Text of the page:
Niemi has been just absurdly good for a Sharks team that, for some reason, struggled to manufacture goals this season. His personal even-strength save-percentage over 43 starts this season sits at .930, good for ninth in the NHL among regular starting goaltenders. In terms of “Goals Versus Threshold” (GVT) a stat tracked over at PuckProspectus.com and is similar in theory to “Wins over Replacement” in baseball, Niemi was the league’s single most valuable player with a week left to play in the season. Niemi was worth .692 goals per game to the Sharks this season, a stratospheric number that shouldn’t be ignored.
Vancouver’s situation in goal is sort of in flux at the moment, since Cory Schneider’s injury status remains unknown. Schneider was actually slightly better than Niemi in terms of even-strength save-percentage this season (.931, good for eight among regular starting NHL goaltenders), but not quite as good by GVT, though he was close. Schneider was worth .627 goals per game through 29 games played, and there’s no doubt that he was spectacular this year.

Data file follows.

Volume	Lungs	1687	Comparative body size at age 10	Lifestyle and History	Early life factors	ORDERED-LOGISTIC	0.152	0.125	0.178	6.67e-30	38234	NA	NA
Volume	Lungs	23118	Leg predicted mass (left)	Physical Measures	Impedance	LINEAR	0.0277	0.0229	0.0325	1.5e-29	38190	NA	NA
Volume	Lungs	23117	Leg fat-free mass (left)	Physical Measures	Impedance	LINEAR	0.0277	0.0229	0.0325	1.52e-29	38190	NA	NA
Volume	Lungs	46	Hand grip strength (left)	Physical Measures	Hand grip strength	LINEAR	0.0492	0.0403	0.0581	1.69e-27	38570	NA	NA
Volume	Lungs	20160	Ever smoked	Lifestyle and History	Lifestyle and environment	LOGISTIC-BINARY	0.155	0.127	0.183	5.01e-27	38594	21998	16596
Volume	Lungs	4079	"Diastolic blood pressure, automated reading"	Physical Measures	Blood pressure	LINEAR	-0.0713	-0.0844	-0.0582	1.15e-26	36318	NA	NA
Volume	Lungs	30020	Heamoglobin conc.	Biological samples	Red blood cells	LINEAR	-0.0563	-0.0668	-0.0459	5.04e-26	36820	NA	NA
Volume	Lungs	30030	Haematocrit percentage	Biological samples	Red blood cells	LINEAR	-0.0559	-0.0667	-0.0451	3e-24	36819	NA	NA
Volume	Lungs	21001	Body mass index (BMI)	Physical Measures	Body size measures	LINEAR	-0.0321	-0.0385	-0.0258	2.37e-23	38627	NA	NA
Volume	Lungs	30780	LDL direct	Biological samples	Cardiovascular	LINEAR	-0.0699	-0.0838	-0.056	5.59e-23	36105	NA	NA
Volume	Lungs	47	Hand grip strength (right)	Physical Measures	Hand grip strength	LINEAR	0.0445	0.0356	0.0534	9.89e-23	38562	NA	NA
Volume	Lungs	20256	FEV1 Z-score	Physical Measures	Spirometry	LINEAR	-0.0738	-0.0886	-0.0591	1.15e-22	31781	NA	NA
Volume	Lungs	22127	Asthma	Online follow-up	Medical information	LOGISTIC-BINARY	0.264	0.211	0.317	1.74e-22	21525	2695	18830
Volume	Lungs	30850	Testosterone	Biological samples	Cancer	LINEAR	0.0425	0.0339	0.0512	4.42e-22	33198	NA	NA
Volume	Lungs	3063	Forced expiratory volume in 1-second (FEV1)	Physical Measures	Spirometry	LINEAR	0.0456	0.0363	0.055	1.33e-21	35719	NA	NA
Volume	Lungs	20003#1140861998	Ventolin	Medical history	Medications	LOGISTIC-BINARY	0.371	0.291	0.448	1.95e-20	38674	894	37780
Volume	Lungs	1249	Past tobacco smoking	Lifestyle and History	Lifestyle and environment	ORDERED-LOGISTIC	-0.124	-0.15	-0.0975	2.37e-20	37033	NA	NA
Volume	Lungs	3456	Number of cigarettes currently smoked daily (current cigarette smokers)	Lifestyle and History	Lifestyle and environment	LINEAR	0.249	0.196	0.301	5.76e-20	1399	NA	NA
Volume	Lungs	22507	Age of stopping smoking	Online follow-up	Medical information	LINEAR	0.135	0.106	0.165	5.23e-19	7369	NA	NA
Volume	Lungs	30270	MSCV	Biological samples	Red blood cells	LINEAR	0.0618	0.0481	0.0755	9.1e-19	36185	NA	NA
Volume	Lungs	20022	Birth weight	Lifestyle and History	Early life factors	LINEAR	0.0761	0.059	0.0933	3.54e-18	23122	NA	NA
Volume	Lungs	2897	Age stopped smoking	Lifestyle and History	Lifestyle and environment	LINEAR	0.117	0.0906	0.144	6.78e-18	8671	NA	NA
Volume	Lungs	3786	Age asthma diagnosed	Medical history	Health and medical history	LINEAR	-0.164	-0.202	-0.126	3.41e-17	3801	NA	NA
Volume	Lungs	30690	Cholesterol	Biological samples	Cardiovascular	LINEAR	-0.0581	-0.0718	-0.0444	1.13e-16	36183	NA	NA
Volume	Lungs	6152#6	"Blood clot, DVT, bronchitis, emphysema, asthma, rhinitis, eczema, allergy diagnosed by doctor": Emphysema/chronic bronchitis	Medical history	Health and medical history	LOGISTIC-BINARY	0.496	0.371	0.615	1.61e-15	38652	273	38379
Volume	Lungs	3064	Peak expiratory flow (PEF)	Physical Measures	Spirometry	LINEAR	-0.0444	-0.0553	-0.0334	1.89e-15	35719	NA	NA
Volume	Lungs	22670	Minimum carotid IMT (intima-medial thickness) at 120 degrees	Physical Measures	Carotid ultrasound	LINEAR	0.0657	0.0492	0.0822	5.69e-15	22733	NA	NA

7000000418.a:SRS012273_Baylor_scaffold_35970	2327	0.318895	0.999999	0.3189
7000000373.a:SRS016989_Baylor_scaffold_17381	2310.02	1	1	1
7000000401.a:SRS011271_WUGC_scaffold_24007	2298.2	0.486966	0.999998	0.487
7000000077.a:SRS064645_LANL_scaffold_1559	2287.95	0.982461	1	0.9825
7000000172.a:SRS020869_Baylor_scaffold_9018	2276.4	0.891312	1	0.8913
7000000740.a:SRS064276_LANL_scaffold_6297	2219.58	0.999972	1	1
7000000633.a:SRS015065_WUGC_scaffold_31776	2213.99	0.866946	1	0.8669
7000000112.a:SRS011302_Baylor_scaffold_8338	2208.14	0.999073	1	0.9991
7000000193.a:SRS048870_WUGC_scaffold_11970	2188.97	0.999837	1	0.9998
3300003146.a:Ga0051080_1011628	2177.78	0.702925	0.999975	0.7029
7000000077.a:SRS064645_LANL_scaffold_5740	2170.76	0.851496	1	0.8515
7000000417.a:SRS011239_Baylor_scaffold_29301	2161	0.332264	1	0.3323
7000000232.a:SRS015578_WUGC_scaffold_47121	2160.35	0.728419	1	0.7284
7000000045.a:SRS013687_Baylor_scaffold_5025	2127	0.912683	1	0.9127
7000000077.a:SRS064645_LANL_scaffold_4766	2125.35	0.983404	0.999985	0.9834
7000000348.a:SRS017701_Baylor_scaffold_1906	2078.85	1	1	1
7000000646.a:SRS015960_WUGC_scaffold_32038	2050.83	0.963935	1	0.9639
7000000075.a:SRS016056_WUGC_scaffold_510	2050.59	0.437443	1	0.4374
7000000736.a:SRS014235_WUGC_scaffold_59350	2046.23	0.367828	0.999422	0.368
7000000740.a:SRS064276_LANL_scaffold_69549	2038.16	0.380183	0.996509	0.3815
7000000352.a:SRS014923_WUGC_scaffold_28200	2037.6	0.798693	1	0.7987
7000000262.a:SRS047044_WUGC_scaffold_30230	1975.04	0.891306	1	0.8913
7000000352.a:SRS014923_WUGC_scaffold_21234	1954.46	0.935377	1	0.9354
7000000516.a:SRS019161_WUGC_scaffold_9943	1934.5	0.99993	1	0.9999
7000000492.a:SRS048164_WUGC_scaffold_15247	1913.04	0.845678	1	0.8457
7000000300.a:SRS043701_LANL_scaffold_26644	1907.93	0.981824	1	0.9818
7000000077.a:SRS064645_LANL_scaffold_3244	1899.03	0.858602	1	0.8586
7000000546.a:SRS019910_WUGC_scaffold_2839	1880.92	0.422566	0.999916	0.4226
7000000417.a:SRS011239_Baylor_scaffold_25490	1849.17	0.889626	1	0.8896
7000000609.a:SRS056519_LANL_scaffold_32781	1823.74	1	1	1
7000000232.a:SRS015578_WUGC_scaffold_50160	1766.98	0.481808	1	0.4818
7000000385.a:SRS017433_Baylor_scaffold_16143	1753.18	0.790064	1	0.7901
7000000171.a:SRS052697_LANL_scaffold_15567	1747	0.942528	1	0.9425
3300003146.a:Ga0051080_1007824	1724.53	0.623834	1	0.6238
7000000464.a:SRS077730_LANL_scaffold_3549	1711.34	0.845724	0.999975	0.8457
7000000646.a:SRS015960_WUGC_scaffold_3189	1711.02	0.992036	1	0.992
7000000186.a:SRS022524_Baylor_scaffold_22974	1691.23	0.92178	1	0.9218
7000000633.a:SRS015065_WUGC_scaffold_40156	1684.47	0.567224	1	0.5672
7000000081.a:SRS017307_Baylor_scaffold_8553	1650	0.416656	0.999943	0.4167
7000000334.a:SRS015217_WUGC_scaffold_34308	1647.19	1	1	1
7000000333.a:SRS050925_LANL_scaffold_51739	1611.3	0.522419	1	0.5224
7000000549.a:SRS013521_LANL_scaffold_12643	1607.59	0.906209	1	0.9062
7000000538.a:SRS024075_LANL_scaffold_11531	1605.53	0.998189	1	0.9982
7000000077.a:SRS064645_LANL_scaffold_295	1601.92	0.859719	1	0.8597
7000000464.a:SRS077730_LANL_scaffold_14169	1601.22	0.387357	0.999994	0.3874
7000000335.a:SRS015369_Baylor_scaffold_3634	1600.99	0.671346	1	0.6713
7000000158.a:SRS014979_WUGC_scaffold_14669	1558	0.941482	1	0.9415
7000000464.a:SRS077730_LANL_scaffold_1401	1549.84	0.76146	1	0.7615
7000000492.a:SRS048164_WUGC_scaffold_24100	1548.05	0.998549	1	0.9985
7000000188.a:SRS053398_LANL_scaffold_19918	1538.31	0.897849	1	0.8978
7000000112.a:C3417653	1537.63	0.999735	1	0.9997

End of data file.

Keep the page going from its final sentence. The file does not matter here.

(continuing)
Based on Niemi and Schneider’s respective performances this season, if Schneider is in Vancouver’s line-up for Game 1 of the postseason, then the goaltending matchup is a pure wash. If, however, Roberto Luongo starts the postseason between the pipes for the Canucks, that edge arguably tilts modestly towards Niemi (at least based on this season’s performance).
All of that said, in terms of “demonstrating a consistent ability to post an elite even-strength save percentage over a large sample of games,” Roberto Luongo is the second best goaltender in the NHL at the moment, behind only Henrik Lundqvist. Even if Luogno struggled somewhat this season relative to his usual godly-standard of puck-stopping, with a .920 even-strength save percentage, I’ll take his track record in roughly seven-thousand even-strength minutes over the past six season as more indicative of his “true talent” than his play in eighteen starts this season.